platformer

A Boy and His Blob

First Hour Review

a boy and his Blob CoverI’ve been on a bit of a Wii fix lately. Perhaps all the Wii U buzz inspired me to check out B-List Wii games that initially flew under my radar. Whatever the cause, my little white waggle box had a busy month, thanks to Lost in Shadow, Link’s Crossbow Training, and FlingSmash.

Up next, A Boy and His Blob. This 2D puzzle platformer is a modern take on the original Trouble on Blobolonia, one of many quirky NES games I remember seeing at the rental store as a kid. But I took home Super Mario Bros. 3 every single time.

In a way, picking up the new Boy and His Blob feels like atonement for Young Nate’s disinterest in anything without “Mario” in the title. But I also wanted it because it looks adorable. Seriously, you feed the blob a jellybean and it happily forms into a ladder. I probably had an imaginary friend just like that when I was six and couldn’t reach a tree branch.

Lost in Shadow

First Hour Review

Lost in Shadow CoverHudson Soft. Now there’s a name that you don’t see on game boxes much anymore. The company that used to pump out Bomberman and Mario Party titles wasn’t much of a player this generation, were they?

And it seems we’ll never see the old honey bee logo on another boxart ever again: as of March 1 this year, Hudson Soft is officially dead. The last of its assets have been absorbed into Konami, which will probably put the Bomberman brand to good use and seal Hudson’s other, less milkable properties in the vault.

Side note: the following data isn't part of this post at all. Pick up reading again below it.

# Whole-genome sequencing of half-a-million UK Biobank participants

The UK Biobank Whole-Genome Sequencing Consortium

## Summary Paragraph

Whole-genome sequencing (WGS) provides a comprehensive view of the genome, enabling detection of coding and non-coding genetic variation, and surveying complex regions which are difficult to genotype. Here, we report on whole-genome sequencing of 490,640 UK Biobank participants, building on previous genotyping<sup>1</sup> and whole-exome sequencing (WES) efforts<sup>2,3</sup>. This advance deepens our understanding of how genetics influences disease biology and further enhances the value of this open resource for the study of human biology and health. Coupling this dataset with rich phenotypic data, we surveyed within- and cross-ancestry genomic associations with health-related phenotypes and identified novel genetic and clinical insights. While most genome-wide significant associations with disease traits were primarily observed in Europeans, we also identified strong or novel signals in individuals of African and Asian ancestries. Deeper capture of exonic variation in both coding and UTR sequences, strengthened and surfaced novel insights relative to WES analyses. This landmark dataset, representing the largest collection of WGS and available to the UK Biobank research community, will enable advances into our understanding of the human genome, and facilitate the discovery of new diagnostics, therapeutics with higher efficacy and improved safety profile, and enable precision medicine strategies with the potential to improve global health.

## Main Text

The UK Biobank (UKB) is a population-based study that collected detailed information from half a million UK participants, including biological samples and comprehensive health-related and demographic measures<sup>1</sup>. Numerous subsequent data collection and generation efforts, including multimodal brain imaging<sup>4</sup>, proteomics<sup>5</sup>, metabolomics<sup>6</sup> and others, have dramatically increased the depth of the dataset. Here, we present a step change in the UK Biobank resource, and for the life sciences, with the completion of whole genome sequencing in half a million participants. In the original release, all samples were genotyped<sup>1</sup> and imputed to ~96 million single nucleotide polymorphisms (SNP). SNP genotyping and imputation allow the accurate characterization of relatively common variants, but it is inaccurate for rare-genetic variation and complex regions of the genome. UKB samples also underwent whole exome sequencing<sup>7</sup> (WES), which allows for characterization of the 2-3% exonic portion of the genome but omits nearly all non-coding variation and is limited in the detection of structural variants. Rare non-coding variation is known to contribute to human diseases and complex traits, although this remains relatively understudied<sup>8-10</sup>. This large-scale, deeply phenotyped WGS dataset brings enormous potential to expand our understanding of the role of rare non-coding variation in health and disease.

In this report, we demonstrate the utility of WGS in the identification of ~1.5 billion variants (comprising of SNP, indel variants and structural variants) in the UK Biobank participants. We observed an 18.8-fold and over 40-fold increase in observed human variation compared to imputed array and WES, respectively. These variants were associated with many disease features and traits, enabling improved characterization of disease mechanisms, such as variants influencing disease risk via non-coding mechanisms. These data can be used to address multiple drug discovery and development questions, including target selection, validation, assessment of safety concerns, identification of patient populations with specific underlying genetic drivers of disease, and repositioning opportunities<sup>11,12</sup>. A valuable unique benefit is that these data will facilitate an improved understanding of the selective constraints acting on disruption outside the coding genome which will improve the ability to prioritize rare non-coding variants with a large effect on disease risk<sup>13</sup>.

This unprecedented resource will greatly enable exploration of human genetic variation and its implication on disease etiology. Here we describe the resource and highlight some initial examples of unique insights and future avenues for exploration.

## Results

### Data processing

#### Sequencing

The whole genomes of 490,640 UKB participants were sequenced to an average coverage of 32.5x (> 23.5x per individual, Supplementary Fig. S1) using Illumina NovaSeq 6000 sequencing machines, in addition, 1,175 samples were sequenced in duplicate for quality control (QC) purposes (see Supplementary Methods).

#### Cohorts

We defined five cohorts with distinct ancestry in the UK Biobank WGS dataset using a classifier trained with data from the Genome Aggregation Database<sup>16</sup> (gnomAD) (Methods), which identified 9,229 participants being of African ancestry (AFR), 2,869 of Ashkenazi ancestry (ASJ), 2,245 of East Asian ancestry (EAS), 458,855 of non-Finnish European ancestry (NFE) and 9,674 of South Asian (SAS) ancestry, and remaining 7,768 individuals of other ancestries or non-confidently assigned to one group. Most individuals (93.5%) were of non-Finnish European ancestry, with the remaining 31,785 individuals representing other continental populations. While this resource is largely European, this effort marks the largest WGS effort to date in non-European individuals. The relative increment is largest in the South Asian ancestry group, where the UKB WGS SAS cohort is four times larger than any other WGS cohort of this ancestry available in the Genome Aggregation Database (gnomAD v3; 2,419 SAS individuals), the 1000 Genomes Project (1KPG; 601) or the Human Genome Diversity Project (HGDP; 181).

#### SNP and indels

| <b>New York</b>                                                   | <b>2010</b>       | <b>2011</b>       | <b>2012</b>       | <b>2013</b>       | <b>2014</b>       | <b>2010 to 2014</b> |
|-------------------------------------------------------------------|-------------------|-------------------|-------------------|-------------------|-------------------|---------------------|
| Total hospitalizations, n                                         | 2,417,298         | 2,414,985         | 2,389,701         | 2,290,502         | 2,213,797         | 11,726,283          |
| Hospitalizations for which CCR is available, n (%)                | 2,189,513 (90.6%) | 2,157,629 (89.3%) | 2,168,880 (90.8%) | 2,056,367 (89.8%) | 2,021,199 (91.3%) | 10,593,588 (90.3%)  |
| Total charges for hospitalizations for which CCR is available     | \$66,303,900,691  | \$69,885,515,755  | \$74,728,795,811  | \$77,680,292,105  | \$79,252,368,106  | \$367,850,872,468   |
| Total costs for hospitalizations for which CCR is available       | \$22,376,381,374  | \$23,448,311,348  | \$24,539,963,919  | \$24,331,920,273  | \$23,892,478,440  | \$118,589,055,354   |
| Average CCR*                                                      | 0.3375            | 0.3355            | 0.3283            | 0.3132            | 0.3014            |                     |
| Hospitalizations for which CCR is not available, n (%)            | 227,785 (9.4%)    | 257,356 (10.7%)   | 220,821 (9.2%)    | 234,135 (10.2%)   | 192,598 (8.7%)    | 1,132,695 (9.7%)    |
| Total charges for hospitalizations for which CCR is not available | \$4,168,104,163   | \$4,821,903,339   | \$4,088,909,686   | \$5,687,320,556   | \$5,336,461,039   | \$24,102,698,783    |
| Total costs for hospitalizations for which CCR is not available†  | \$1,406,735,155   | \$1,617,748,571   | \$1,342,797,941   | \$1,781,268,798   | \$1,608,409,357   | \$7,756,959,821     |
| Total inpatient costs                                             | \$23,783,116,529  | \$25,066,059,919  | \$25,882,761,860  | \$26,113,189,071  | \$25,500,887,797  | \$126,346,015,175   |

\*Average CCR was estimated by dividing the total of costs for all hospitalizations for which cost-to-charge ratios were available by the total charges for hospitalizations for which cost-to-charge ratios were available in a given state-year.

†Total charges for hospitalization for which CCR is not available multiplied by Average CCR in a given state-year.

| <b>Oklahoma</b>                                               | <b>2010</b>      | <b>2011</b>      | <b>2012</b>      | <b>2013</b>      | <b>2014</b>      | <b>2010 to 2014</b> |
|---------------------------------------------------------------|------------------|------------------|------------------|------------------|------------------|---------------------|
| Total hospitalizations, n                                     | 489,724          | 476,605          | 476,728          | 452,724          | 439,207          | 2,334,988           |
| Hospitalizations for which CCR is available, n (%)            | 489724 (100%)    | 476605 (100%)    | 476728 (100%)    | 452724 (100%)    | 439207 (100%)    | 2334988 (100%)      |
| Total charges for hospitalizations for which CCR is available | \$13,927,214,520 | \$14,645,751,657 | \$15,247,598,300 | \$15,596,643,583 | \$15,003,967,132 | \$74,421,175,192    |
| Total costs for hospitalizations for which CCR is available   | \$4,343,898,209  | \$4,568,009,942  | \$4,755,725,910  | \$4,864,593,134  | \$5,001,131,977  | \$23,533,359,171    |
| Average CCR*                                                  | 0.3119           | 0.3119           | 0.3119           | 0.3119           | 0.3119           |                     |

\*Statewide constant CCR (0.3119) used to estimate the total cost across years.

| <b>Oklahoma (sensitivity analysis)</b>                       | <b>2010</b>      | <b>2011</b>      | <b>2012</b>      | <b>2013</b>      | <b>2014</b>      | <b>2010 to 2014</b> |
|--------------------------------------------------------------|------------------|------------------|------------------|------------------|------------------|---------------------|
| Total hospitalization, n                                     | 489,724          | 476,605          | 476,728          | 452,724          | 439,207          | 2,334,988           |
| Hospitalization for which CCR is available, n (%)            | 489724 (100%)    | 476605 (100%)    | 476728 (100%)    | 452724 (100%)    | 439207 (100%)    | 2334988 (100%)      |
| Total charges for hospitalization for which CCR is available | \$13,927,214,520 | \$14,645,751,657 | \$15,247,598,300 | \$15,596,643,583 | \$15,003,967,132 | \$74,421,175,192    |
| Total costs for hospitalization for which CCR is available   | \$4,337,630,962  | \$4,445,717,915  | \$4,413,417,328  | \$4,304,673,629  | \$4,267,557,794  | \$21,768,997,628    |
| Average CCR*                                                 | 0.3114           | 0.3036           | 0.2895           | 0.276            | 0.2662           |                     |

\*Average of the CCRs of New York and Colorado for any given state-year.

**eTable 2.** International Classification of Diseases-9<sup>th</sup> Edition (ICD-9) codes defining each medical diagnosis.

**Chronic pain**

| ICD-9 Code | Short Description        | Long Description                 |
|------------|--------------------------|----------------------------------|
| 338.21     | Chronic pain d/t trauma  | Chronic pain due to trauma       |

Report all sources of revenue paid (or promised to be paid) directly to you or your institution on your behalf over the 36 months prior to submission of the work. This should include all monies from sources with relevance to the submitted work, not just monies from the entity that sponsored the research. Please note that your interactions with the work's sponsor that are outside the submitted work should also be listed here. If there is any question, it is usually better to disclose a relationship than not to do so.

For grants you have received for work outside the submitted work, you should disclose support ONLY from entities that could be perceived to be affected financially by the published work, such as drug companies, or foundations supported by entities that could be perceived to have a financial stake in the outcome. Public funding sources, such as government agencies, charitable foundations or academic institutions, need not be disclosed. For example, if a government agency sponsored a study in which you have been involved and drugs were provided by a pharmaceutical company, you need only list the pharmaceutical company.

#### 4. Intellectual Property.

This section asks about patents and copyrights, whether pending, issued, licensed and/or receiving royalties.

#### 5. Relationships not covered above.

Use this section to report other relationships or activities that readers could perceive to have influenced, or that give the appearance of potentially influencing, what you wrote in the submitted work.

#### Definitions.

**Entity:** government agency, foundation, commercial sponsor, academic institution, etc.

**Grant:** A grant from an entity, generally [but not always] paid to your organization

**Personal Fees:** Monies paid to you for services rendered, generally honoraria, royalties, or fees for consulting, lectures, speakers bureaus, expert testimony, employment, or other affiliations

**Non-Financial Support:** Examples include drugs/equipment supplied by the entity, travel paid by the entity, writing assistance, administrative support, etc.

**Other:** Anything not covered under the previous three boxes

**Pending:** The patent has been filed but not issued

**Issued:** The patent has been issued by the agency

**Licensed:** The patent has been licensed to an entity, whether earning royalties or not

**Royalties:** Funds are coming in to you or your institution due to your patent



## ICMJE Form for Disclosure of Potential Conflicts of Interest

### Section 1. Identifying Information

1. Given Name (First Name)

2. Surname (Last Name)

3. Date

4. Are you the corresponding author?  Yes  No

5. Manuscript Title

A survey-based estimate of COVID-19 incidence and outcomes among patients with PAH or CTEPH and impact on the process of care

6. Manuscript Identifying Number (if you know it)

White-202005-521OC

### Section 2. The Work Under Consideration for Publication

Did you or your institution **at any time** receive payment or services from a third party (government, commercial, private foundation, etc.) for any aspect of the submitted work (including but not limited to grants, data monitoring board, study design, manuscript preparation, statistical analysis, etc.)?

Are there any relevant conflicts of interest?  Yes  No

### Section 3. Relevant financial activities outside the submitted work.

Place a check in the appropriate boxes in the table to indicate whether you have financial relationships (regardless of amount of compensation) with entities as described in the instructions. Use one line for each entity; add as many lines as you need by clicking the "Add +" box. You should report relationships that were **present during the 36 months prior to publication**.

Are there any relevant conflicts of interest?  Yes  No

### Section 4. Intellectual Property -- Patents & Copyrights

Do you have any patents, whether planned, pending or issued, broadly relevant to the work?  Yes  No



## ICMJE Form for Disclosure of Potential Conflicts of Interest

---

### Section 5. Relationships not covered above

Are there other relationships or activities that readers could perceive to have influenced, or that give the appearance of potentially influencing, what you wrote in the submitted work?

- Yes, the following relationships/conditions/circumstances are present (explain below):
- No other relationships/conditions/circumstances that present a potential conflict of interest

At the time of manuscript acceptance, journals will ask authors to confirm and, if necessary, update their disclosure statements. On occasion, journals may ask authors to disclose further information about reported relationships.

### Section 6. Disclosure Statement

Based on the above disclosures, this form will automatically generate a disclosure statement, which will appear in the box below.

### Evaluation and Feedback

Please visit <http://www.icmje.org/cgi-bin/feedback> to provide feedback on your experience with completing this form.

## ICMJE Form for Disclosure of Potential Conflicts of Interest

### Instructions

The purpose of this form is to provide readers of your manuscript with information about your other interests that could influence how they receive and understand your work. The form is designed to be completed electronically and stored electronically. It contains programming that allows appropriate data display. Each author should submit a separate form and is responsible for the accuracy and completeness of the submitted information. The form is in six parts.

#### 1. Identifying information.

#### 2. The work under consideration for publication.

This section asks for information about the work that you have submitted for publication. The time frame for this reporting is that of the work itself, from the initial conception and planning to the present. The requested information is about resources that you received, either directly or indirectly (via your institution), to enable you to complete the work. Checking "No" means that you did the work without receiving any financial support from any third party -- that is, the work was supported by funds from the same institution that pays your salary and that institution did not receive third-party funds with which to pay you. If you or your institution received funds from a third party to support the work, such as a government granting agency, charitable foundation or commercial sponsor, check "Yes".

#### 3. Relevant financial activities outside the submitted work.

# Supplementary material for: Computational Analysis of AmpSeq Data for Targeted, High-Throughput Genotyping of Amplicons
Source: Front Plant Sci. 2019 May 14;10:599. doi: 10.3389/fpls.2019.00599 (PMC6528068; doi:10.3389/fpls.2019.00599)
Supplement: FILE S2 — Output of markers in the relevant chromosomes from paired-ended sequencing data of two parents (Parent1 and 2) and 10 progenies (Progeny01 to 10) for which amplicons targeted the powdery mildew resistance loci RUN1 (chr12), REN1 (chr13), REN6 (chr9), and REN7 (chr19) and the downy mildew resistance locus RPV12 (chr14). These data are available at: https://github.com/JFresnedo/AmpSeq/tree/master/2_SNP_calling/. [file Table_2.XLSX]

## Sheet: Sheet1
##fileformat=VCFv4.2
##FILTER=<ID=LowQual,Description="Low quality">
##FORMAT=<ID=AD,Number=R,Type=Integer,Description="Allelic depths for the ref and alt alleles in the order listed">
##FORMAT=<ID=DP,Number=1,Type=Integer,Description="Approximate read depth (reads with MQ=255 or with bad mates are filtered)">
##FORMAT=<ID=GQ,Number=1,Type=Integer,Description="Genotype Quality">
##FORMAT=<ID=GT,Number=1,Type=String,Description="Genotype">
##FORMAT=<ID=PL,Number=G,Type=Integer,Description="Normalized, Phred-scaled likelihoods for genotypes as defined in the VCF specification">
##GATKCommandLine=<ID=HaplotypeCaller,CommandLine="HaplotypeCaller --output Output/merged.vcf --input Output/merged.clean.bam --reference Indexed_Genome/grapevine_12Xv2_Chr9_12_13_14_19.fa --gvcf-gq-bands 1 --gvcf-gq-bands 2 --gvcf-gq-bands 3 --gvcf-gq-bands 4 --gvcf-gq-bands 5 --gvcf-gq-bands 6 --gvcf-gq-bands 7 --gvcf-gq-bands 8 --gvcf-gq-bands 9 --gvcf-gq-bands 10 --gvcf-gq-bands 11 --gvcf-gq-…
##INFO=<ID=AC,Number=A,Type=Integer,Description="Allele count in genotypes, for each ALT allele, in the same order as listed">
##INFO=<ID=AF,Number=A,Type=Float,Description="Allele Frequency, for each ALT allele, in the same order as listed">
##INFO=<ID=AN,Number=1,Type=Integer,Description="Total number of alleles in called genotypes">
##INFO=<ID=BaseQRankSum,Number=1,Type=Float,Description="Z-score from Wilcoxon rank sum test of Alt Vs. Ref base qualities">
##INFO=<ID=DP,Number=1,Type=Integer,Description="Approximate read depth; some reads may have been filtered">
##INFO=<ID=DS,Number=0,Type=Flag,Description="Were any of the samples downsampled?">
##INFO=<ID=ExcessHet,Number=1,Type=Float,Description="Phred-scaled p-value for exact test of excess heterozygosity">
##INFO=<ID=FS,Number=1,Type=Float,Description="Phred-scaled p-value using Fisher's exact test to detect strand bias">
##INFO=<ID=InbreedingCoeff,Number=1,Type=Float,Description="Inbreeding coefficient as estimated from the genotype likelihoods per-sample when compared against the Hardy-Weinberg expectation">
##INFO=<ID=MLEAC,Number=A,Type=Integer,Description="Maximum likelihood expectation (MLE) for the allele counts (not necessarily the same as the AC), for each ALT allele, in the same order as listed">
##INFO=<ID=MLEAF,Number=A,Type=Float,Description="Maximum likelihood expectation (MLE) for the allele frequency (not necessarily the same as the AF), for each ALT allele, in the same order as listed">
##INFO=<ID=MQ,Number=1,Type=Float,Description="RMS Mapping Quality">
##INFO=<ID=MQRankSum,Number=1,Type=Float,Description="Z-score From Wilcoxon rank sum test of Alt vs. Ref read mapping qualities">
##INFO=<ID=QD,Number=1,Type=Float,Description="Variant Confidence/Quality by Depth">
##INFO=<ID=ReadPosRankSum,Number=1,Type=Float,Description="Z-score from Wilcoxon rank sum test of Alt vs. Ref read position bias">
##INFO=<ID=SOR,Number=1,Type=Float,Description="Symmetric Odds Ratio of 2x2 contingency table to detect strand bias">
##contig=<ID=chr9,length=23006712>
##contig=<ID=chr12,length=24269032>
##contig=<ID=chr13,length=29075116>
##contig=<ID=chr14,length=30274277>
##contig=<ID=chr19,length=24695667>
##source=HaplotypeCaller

That makes Lost in Shadow Hudson’s swan song. The company developed and published the  shadow-based puzzle platformer and released it in January 2011 in North America. Like most Hudson games, it found modest critical praise at launch and was quickly forgotten. With Hudson’s recent demise, I guess that makes this as good a time as any to try out the company’s last contribution to gaming.

Infamous

First Hour Review

Infamous CoverThere's something fun about playing catchup on a console like the PlayStation 3. I already know what most gamers think are the best games, and I can pick and choose from the rest that appeal to me. The games are cheap, the library huge, and the experiences brand new.

So here I am with Infamous (also known as inFAMOUS, but that's just awful), Developed by Sucker Punch Productions and released in mid 2009 on just the PlayStation 3. It didn't leave much of an impression with me at the time except that it was going head to head with a game called Prototype, which from afar seemed like a relatively similar gaming experience. Both games were successful in their own right, Infamous 2 landed last year which Nate reviewed, and Prototype 2 shipped last month.

Infamous is my fourth PS3 catchup game this year, following Batman: Arkham City, Heavy Rain, and Uncharted: Drake's Fortune. I've enjoyed them all, and am currently very fond of the PS3 experience. Of course, I'm limiting myself so far to games I know are pretty great, so I may be biased. Here's my first hour review of Infamous.

Rayman Origins

Full Review

Rayman Origins CoverI never quite bought into the whole Achievements deal this generation. It's nice to have a (rather arbitrary) tally of "gamerness" on record, and I do like to occasionally check my friends' progress. But the achievements themselves tend to make a goal out of lengthy tedium, a checklist asking the player to kill X enemies using Y weapon, in a way that mimics the worst parts of grind-dependent MMOs. It's far from the creative metagame that I'd hoped would evolve through the generation.